Beyond the Environment

Human Damage: Accidental and Deliberate

Human Damage: Accidental and Deliberate

The majority of past damage caused to Royal Arms in churches has been accidental and often stems from neglect or the redundancy of the building.

Once the building is no longer watertight, paintings suffer from damp or from direct contact with rainwater.

Royal Arms are usually located fairly high on the walls or ceiling and are often hung at an ideal angle to catch leaks. Consequently, they are very vulnerable to water damage.

Accidental damage can occur in any number of ways, from minor damage caused by scaffolding poles going through canvases during building works to major damage from building-wide fires or flooding.

There are often risks involved when paintings are relocated: from the separation of paintings and frames to being mistaken for rubbish and discarded. Also the Royal Arms on canvas are particularly vulnerable to vibration in transit and being leant against sharp objects.

Dusters, Restorers, and Roundheads

Damage occurs despite the best of intentions. Even general cleaning and housekeeping can inadvertently hasten deterioration and it is not unusual to find the characteristic yellow fibres from dusters caught in flaking and insecure paint.

Even greater damage can occur as a result of amateur restoration, dangerous in both what it can remove and what it can leave behind:

  • Injudicious cleaning may dissolve the paint along with the varnish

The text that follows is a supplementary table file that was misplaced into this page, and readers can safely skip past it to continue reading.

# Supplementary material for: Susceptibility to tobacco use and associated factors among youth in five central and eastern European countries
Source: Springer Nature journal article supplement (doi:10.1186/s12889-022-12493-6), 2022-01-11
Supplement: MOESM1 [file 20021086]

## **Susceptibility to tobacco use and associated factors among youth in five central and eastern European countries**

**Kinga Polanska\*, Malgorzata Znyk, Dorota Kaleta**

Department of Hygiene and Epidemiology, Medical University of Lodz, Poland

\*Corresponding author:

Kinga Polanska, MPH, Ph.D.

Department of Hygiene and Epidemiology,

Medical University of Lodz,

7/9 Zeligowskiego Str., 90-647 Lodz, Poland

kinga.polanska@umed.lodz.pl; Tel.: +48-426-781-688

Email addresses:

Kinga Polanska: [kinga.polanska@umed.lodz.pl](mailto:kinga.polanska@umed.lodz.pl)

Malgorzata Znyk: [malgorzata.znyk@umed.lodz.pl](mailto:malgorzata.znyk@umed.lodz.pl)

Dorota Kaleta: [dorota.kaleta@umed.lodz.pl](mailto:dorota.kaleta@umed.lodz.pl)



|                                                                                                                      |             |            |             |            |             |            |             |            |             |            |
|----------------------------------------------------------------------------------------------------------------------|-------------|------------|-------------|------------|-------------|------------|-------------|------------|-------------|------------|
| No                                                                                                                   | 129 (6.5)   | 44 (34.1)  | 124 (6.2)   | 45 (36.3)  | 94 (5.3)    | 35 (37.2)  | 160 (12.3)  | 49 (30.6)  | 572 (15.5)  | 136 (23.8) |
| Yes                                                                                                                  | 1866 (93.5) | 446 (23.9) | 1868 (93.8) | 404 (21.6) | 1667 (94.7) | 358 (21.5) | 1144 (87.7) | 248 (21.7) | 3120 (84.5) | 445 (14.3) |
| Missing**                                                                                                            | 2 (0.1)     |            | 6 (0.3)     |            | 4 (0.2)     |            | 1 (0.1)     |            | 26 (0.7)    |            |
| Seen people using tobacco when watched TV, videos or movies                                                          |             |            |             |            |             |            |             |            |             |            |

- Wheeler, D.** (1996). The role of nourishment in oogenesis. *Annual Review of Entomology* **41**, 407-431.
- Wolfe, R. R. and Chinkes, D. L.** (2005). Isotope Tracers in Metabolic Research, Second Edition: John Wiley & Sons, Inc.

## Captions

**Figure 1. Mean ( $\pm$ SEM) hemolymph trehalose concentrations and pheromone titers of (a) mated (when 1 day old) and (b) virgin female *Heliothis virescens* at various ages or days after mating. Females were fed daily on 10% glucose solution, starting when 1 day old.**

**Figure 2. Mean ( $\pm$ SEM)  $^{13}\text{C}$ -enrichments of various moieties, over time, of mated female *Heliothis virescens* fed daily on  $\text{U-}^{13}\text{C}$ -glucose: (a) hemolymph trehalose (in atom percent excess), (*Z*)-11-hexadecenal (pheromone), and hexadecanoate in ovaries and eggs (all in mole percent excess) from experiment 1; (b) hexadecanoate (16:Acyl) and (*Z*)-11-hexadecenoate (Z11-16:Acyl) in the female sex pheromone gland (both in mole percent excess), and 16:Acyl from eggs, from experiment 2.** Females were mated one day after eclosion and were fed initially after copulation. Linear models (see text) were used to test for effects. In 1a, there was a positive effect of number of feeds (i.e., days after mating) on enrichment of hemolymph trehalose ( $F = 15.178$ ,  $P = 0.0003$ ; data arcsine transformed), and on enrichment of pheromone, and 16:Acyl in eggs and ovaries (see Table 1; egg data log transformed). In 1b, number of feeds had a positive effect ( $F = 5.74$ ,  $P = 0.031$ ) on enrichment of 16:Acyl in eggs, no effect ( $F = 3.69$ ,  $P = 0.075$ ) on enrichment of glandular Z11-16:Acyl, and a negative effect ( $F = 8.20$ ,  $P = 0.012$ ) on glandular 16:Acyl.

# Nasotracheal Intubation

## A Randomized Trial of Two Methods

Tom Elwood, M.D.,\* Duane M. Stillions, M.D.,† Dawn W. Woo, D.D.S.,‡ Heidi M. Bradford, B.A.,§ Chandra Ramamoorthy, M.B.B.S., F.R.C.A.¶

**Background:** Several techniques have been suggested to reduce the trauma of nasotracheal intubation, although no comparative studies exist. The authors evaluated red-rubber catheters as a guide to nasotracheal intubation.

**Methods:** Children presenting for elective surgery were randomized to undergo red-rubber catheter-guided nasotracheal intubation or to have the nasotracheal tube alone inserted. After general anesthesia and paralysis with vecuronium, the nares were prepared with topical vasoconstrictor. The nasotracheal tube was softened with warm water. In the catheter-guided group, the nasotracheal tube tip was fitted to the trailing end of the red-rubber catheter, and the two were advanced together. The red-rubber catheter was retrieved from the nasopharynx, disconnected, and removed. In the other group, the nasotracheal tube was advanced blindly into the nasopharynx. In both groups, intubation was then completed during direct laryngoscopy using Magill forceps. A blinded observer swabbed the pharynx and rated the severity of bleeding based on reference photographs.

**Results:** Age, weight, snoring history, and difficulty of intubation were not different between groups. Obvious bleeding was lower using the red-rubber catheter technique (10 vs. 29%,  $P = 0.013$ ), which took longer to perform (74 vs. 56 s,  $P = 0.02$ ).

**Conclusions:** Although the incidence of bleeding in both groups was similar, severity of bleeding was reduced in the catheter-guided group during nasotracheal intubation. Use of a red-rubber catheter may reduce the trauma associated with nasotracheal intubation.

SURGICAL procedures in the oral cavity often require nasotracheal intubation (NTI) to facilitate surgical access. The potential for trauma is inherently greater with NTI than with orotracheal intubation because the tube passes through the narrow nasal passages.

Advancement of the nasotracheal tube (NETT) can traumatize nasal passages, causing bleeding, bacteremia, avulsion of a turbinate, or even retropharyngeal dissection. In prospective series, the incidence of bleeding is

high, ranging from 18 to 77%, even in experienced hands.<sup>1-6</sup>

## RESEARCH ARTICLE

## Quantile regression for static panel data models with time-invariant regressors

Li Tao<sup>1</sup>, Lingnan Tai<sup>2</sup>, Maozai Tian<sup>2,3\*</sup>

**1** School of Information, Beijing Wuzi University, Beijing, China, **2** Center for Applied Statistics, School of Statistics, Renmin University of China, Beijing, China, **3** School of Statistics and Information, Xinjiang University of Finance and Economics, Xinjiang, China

• Tear repair can involve crude sewing or glueing
  • A wide variety of unsuitable materials, such as wartime black-out curtains, floral upholstery fabric and redundant parish notices, may be stuck onto the reverse of fragile canvases to hold them together

Perhaps most harmful of all is when restoration has simply involved a complete repainting of the arms, sometimes inaccurately rendering details and dates.

Most of the deliberate alteration and destruction of Royal Arms is historical - many suffered damage or obliteration by anti-royalists during the English Civil War. If the arms did survive into the nineteenth century, Victorian church reordering might at best relocate them and at worst remove them entirely.

Partial damage, covering or obliterating the supporting lion and unicorn’s genitals, could occur at any period when the perpetrator chose to be offended. Even in the twentieth century there are accounts of Royal Arms being chopped into kindling or used as flooring.